William Trevor wrote novels and short stories for over 60 years. He was born in Ireland, moved to England in the 1960’s and settled eventually in Devon, where he died peacefully in his sleep a few years ago. This collection was published in 2018. And though he wrote about a dozen books of each, and wonderful novels that won many awards, he’s perhaps best known for his short stories, maybe because few of our great fiction writers publish as many books of short stories as they do novels.
But I think there’s another reason: He’s better than anybody at creating within the span of a very few pages both fully realized characters and an image of their whole lives.
The opening story, “The Piano Teacher’s Pupil,” spans just eight pages. One marvels at how simply and directly he sets up our protagonist’s life with all its relevant backstory, and the challenge she is presented when a schoolboy arrives for his first lesson with her, and she learns within a few notes that he’s the best pupil she will ever have. All this without a wasted word, but a deep, clear picture in four pages. Then, the rub. A very short story, so full and yet so spare. Trevor at the height of his powers, writing short stories that feel like whole novels because of what’s between the lines.
“At the Caffé Daria” tells the story of Anita, a woman who lost her handsome and clever husband to another—a longtime friend, no less—long ago. She returns daily to the caffé in what had been their neighborhood, which is still his neighborhood along with the house, but the caffé is still hers. A well-wrought caffé is like a painting—some even a masterpiece. They have a spirit to them, that draws out of their long-time denizens all manner of memories down all the years; a place that’s warm and human you can return to again and again, like chapels on the roadside of a life once lived.
One morning, Anita feels someone hailing her in the caffé. It’s Claire, the second wife, who dropped by several months back to tell Anita her husband is dead, and the house is to be sold to pay the debts. She says then what she has come to say now:
“I’m sorry,” Claire says, the useless words whispered as if they deserve no more than that.
“Why have you come?” Anita repeats her question of months ago, precise and cold, as it was then.
“Perhaps I’ve come to beg you to forgive me. You bear Gervaise’s name and I do not. Gervaise has died and we  are left.”
“But we are as we are, not as we were. Death exorcizes nothing. I was a passing fancy in a spoilt man’s life and you were everything. It’s that that’s left.”
Anita stands up, and Claire does too. In silence she begs again, a pleading in her eyes.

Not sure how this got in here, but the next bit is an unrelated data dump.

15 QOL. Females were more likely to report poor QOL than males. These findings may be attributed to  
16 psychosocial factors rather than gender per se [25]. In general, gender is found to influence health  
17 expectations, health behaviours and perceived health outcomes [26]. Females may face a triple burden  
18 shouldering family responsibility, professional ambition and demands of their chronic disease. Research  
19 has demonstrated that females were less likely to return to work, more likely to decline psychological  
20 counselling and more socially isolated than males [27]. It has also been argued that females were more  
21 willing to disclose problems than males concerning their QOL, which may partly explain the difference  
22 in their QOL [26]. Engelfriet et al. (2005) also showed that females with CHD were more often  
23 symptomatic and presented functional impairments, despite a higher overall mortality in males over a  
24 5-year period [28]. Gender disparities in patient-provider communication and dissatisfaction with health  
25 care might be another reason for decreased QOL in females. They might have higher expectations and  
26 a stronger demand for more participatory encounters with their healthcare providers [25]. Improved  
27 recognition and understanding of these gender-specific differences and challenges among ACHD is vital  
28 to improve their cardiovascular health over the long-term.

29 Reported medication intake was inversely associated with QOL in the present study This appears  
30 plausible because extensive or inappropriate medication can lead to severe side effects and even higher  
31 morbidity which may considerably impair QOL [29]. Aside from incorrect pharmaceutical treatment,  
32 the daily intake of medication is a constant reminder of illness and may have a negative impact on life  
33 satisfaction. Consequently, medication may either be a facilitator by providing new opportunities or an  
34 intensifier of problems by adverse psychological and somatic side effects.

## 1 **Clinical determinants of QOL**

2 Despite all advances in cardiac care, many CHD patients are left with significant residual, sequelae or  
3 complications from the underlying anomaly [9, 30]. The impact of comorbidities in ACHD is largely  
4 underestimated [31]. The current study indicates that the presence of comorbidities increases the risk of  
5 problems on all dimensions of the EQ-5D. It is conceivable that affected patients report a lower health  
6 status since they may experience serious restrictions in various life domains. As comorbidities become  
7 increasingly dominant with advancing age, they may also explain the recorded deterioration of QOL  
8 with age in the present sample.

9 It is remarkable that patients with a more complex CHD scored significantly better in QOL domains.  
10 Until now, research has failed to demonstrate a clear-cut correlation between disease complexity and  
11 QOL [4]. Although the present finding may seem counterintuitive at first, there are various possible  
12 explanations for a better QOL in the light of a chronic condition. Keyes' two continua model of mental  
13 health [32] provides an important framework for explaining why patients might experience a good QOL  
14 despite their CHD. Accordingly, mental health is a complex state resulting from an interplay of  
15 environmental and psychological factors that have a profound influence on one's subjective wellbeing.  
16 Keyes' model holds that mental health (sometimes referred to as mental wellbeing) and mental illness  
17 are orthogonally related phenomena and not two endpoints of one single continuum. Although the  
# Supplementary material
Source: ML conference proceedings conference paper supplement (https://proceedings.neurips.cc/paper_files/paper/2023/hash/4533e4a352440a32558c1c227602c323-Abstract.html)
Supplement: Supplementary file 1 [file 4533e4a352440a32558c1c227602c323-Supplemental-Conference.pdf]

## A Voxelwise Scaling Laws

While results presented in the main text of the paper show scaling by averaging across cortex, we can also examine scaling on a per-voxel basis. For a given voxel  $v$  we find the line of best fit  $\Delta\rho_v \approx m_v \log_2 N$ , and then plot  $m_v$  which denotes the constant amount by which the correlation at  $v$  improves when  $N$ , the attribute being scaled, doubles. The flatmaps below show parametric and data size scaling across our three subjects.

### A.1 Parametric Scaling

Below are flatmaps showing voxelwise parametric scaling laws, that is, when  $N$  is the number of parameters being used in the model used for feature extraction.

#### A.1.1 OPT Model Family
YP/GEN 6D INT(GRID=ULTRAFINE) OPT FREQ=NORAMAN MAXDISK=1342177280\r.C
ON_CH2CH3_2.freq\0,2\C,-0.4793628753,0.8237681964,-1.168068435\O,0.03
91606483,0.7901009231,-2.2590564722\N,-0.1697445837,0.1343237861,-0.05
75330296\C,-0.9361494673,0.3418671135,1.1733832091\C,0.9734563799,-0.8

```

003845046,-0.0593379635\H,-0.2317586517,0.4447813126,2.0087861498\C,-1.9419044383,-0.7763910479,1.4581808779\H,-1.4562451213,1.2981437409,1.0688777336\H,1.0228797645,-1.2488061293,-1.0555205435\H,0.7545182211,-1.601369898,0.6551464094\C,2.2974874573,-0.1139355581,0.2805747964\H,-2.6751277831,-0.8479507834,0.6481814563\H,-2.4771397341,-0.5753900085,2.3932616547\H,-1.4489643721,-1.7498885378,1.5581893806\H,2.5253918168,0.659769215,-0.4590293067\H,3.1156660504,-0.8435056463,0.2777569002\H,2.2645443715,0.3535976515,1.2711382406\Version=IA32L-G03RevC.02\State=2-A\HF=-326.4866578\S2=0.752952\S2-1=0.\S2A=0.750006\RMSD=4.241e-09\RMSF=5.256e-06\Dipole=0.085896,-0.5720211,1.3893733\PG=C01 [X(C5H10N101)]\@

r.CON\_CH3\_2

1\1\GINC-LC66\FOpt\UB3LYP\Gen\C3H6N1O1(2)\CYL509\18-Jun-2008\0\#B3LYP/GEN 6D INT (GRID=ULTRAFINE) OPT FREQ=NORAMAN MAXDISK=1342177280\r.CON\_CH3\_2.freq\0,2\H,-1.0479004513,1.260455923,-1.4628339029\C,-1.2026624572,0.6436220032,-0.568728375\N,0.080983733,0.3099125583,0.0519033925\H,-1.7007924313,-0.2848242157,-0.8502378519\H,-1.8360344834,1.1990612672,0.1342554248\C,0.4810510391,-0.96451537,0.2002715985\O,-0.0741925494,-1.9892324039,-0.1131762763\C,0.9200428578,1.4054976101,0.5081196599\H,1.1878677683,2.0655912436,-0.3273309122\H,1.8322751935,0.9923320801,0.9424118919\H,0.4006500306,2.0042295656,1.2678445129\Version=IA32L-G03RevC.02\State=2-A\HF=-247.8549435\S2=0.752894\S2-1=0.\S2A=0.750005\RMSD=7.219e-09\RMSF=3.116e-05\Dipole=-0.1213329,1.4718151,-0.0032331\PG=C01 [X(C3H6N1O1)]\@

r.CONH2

“Gervaise did not know about being faithful,” she says before she goes. “He never was. Nor was I everything.”
But Anita’s unforgiving resolve does not weaken, and the conversation ends in silence.
The seasons pass. Several times Anita thinks she sees Claire in the caffé, but it is not to be.
Claire is somewhere. If Anita prayed she would pray to know where. If she knew the secrets of telepathy she would employ them.
The sales board has been taken down. Other people live in the house. Claire cherishes in her lonely solitude what Anita, in hers, too late embraces now: all that there was before love came, when friendship was the better thing.
“The Women” closes this collection of ten stories. Mr. Normanton and his daughter, Cecilia, live in London City. She takes weekend trips with him to Suffolk, and they walk the City streets with all its sights and sounds. “Your mother isn’t here anymore,” is all her father has told her since she was very young. She is home-schooled by a retired schoolmaster, and a married couple come to cook and clean. Eventually, “sensitive to the pressure of duty where his child was concerned, her father did not demur when he was advised that the time had come to send her away to boarding school, to be a girl among other girls.”
There she keeps a garden and is made to watch field hockey games when other schools come to play. At one game, Cecilia spots two women watching, too. At a second game, “They stood about as if they had a reason to, and Cecilia avoided looking in their direction.”
The point of view then shifts to these women. But I’ll leave it there.
Judging from his writing—fairly knowing from his writing—William Trevor was a kind soul with a knack for painting them with words. A man as he himself put it, with “Irish in every vein.”
Finally, you probably know of Keb' Mo', a talented bluesman born in Compton now living in Nashville. The lovely Pheme and I saw him at the Paramount Theater in Oakland years ago, and signed up to see him here this summer in Santa Fe's legendary theater and concert venue, The Lensic. That concert isn't going to happen live at the Lensic now, but we just got word it's happening online. A mere $15 per device, to listen and watch on your Laptop or your Big Dog. Or you can cable up the sound through your home stereo system and the picture through your wide screen, if you dare (free tips on reply). Great blues on September 26 at 6:30 PT/7:30 MT/8:30 Keb'T/9:30 ET.